What about you? Do you shoot with an older camera or are you considering buying one? What tips and tricks do you have for getting the most out of these types of cameras? Please leave your thoughts and questions in the comments section below.

Read more from our Tips & Tutorials category

Simon Ringsmuth is an educational technology specialist at Oklahoma State University and enjoys sharing his enthusiasm for photography on his website and podcast at Weekly Fifty. He and his brother host a monthly podcast called Camera Dads where they discuss photography and fatherhood, and Simon also posts regularly to Instagram where you can follow him as sringsmuth.

  • KC

    If your images are going on the web, more so social media or a web store, an older camera is fine. Where older cameras can be a test of patience is some are slow to autofocus. Some also don’t render JPEG’s as well as newer cameras. That’s noticeable when you “pixel peep”, but not an issue when you don’t.

    I don’t change cameras all that often. Yes, there’s some new tech out there. A “full frame” camera sounds great, but so does medium format. Someday.

  • Peter Cleife

    But none of the cameras mentioned are old! This is my old camera a 1mp Kodak. https://uploads.disquscdn.com/images/c259ecf7e097bb11ad908aa26a1273fc3d5a108b3c8c997143337bc09d34214f.jpg s

  • Hahaha! You’re right Peter, that’s an old camera! I actually used one of those (it was a re-branded version put out by Apple called the QuickTake) and for its time it was actually pretty good 🙂

  • Exactly, KC. No matter what you have there’s always something better, so it’s best to make the most out of things instead of always looking to something else 🙂

  • CopyKatnj

    I’m still using my Nikon D50 and D90 cameras. I’ve purchased some good lenses and good software that keeps me happy with my results. I’ve even gone back to older images and re-processed them after learning much more about post processing and composition. Since I’m posting online mainly for my self and friends on Flickr, and not printing, I find I’m satisfied. I’ve looked at newer models but just can’t justify the upgrade.

  • Larry Kurfis

    I use my Nikon D60 which purchased Jan 2009. I’m just really learning to use is and have been able to take some damn good pictures. I know I can’t push the ISO, have slow burst mode, 3 focus points, watch what I crop, and can’t print posters. But I know it’s controls and buttons better than most of my friends that have D7100 and newer. I did upgrade the glass to a 18-200.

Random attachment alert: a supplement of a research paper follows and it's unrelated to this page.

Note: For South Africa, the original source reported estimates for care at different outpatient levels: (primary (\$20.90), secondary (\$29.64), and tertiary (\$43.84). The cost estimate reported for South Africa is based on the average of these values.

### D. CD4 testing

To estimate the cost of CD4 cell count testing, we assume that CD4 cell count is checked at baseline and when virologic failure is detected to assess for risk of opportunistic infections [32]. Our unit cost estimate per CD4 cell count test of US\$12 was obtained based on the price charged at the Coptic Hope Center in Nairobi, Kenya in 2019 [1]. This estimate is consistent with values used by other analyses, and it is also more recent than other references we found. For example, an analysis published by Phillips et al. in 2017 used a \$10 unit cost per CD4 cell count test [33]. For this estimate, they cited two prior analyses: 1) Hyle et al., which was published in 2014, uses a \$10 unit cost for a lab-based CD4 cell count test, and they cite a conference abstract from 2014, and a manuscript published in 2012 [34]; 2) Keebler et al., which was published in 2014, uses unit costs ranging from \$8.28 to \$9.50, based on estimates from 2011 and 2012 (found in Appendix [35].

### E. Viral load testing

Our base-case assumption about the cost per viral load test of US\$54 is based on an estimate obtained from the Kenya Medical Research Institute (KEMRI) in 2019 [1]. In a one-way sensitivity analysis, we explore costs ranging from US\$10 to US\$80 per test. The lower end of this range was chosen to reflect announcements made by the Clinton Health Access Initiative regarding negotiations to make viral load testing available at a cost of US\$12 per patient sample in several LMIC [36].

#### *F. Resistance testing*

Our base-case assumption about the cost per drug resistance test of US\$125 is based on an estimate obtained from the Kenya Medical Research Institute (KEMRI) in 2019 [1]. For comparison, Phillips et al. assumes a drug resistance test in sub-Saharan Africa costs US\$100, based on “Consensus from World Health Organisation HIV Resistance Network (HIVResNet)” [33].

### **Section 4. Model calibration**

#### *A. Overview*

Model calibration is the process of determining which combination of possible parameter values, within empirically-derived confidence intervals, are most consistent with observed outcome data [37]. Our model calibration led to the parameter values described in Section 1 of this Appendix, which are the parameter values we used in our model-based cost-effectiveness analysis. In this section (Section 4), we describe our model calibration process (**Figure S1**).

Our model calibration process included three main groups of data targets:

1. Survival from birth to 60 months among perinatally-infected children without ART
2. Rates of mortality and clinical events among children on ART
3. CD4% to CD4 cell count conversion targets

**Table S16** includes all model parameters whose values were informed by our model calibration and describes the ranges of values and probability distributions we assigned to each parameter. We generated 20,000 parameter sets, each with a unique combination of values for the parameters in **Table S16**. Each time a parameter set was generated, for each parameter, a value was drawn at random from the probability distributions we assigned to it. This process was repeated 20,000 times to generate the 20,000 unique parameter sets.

Thanks for a great article.

  • That’s really too old. LOL 🙂

  • Luke

    I just upgraded from a Rebel T3 to an original 5D. I paid $250 for the body and a 50mm f/1.8, and couldn’t be happier. It is somewhat limited as far as ISO performance, but it still beats the rebel as long as you expose properly. The biggest limitation in my mind is the autofocus performance, but as long as you aren’t working with high speed movement it isn’t that big of a deal, and I have even taken some photos of aircraft landing with no problem. Yes I would love to upgrade to a newer camera, but my old 5D still gets the job done, at a price that is pretty hard to beat.

  • glennsphotos

    I shoot with a Canon 7D 2 and use the 7D as a back up. I was taking photos at my Daughter Sweet 16 and set up my older Canon 30D on a tripod for a photobooth and got some wonderful group photos that the children took themselves with a remote. So glad i used this as we had a whole different set of photos that i wouldnt have had. My other daughter sometime uses this; along with my film Canon A1 from yesteryear, with wonderful results.

  • AnneCanyon

    Nikon D80 here — similar vintage to the D200. It feels like an extension of my hand. I keep finding new things it can do.

  • You know, one of these days I just might pick up an old D200 to replace the one I have which currently has a problem with the shutter. I really like using that camera and can see why you would enjoy your D80 so much.

  • $150 for a 5D and 50mm 1.8 lens? That’s a fantastic deal! Even though the camera is old, it’s still capable of taking some amazing shots especially with that lens.

  • Sameer Kalbag

    Great article and a good re-read whenever we get affected by GAS. Shooting with a Canon T3i and a refurbished Sigma 17-50mm f/2.8 and couldnt be happier.

  • I’ve heard great things about that Sigma 17-50 lens. I’m glad you’re enjoying using it!

  • Tikaro

    You’re almost in the throwaway bin with the D200. A mere $200 buys a used D300 w ISO 3200 and live view etc. $400 gets a used 7D with ISO 6400. It’s a great time to be a bargain hunting photographer.